From Killing Fields to Mission Field
He was the most feared gang leader of the most powerful gang in Phnom Penh, the capital of Cambodia . . . and he was barely a teenager!
When Sopheak Kheng was born in Cambodia in 1981, he was born into a world where fear and death were palpable. The Khmer Rouge and Pol Pot's reign of genocidal terror, where anywhere from 1.5 to 3 million men, women, and children were brutally slaughtered (1975-1979) and buried in mass graves, had only been over a relatively short period of time.
"I grew up learning how to use a gun almost before I could walk," Kheng recalls. Knowing how to protect yourself had become nearly an instinct for Cambodians. Kheng says that he had few relatives survive the "killing fields" as 13 of his mother's brothers and sisters were killed, and he has no surviving grandparents, as they too were executed.
Kheng says that when he was born, the violence had not come to an end. Corruption was in full force and protection came by way of who you knew or what gang you belonged to. For Kheng, he was "fortunate" that his father was in a powerful position in the military, affording him protection and carte blanche to do whatever he pleased.
With bodyguards at his disposal, Kheng would start and become the leader of the most powerful gang in Phnom Penh at the age of 10. He led them for four years. "I was the smallest guy, but the big boss," Kheng says. "Everyone was afraid of me because I always had three or four body guards with me. And because of my father's position, the police left us [his gang] alone."
Kheng says his gang was involved in extortion and fought with other gangs for control of the city. "Although I never killed anyone, I've seen a lot of death and had members of my gang die in my arms," Kheng says.
However, just as Kheng entered his early teens and was preparing to flex his "muscle" as a feared leader, something unexpected took place.
Kheng's aunt had started taking English as a second language classes, and she invited him to attend. Unknown to Kheng at the time, the man giving the lessons was an AG world missionary. At first Kheng refused her invitations, but the more he thought about the value of learning English, the more the idea appealed to him.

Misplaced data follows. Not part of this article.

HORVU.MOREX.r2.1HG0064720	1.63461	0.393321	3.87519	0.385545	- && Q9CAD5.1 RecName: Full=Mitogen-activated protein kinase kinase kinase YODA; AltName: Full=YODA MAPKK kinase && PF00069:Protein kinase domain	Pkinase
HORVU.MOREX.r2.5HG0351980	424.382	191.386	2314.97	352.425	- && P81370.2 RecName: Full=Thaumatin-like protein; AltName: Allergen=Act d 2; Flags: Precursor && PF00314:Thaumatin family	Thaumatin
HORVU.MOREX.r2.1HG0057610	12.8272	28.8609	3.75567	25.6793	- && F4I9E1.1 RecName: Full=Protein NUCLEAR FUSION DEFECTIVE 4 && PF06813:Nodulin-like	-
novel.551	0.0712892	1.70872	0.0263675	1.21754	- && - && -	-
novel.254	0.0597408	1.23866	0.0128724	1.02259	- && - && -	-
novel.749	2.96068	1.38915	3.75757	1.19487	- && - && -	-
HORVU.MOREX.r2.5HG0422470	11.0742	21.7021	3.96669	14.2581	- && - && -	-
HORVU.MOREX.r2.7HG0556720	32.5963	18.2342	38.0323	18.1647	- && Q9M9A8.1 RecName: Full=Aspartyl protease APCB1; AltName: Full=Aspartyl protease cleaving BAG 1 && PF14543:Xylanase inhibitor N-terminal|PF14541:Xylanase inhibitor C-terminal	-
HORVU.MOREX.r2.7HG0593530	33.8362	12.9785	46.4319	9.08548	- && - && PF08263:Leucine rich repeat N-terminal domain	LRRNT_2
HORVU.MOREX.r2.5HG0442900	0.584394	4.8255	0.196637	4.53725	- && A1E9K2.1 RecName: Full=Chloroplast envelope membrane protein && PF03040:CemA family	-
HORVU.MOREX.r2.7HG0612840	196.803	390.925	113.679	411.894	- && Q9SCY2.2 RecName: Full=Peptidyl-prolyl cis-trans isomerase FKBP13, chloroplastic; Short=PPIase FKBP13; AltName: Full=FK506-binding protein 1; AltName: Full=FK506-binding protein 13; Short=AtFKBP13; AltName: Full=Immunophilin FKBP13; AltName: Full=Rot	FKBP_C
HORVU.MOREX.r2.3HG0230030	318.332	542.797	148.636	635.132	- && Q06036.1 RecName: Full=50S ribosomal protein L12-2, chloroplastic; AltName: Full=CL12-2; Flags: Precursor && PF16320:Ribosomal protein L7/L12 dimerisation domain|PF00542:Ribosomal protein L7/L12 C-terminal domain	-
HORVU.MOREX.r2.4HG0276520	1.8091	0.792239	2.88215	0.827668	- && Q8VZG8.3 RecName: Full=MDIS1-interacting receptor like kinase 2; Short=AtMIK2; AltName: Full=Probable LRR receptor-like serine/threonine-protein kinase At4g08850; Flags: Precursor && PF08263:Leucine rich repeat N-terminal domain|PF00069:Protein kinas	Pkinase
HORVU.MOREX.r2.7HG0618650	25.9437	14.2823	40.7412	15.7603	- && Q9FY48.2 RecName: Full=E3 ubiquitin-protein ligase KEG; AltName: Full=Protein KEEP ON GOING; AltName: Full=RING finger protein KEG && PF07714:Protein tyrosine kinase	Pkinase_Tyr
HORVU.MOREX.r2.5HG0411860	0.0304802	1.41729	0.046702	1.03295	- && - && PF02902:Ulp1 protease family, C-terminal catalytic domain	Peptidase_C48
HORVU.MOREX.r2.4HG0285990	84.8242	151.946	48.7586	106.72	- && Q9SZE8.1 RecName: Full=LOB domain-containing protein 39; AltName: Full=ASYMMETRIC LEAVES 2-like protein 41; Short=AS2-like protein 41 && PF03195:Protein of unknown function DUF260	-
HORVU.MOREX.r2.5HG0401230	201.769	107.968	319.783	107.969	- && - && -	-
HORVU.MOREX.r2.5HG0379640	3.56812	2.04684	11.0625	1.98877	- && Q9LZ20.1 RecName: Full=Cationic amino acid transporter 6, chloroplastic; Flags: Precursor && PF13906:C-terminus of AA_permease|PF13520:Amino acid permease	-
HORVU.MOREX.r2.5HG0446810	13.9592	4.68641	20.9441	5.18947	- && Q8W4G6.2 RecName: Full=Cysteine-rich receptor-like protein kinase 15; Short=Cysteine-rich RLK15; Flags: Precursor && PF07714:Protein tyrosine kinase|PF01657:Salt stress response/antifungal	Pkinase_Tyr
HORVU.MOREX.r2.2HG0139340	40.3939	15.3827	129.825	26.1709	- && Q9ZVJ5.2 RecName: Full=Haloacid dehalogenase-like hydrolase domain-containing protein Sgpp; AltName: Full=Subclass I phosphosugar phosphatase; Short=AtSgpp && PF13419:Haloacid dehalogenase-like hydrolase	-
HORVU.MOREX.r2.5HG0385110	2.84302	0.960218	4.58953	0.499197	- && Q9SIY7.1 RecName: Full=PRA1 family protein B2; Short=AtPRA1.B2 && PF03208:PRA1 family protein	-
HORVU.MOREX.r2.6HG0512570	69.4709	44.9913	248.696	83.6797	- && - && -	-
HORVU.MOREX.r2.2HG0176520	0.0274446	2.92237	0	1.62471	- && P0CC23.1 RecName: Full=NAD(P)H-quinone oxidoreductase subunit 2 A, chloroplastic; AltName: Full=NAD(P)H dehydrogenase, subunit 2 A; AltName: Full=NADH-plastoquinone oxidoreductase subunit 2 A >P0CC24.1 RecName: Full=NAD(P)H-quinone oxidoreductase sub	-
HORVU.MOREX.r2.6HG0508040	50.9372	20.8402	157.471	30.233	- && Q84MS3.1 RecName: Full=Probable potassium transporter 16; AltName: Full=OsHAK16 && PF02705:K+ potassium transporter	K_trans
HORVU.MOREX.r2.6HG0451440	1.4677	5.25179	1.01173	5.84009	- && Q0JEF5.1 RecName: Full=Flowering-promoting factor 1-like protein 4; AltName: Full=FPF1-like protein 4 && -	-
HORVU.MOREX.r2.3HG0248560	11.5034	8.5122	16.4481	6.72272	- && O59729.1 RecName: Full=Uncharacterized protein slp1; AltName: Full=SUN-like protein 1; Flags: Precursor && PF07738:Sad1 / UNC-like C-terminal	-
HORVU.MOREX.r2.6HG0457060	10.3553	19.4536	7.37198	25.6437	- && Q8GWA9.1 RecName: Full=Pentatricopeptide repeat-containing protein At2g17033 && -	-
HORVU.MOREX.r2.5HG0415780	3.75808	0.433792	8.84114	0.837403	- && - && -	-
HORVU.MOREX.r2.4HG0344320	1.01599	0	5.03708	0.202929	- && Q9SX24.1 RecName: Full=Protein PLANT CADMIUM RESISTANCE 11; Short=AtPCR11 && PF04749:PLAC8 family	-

"I went to the class, but the man wasn't teaching ABCs, he was telling this story about this guy named Jesus," Kheng recalls. "It was the craziest story because it would never end -- I kept having to go back. It went from one day to one week to one month to six months and the story never stopped!"
Without even realizing it, the time Kheng spent "learning English" had begun to take up more and more of his time. In fact, he spent so much time there, that his gang started looking for him, fearing something had happened to him.
Kheng explains that at this time, no one had cell phones, and since no one could find him or contact him, he slowly became detached from the majority of his gang and it moved on without him . . . except for those that he started inviting to come "learn English" with him.
In a relatively short time, Kheng was convinced by the message he was hearing and chose to give his life to Christ -- along with a few of his gang member friends! He would then invite his sister, brother, and mother to come to the classes, who would also give their lives to Christ.
"Our family was the first family to attend the first Cambodian Assembly of God church," Kheng says. "They all came to the English classes, they all learned about Jesus Christ, they all became part of the church as first generation Christians -- except for my dad."
Kheng says the family walked a fine line with his father, who was still a member of the Communist party and in the military. "When he found out that our family went to church, he was so mad, he came to the church and people were jumping out the windows and doors because they were afraid he was going to send them to prison."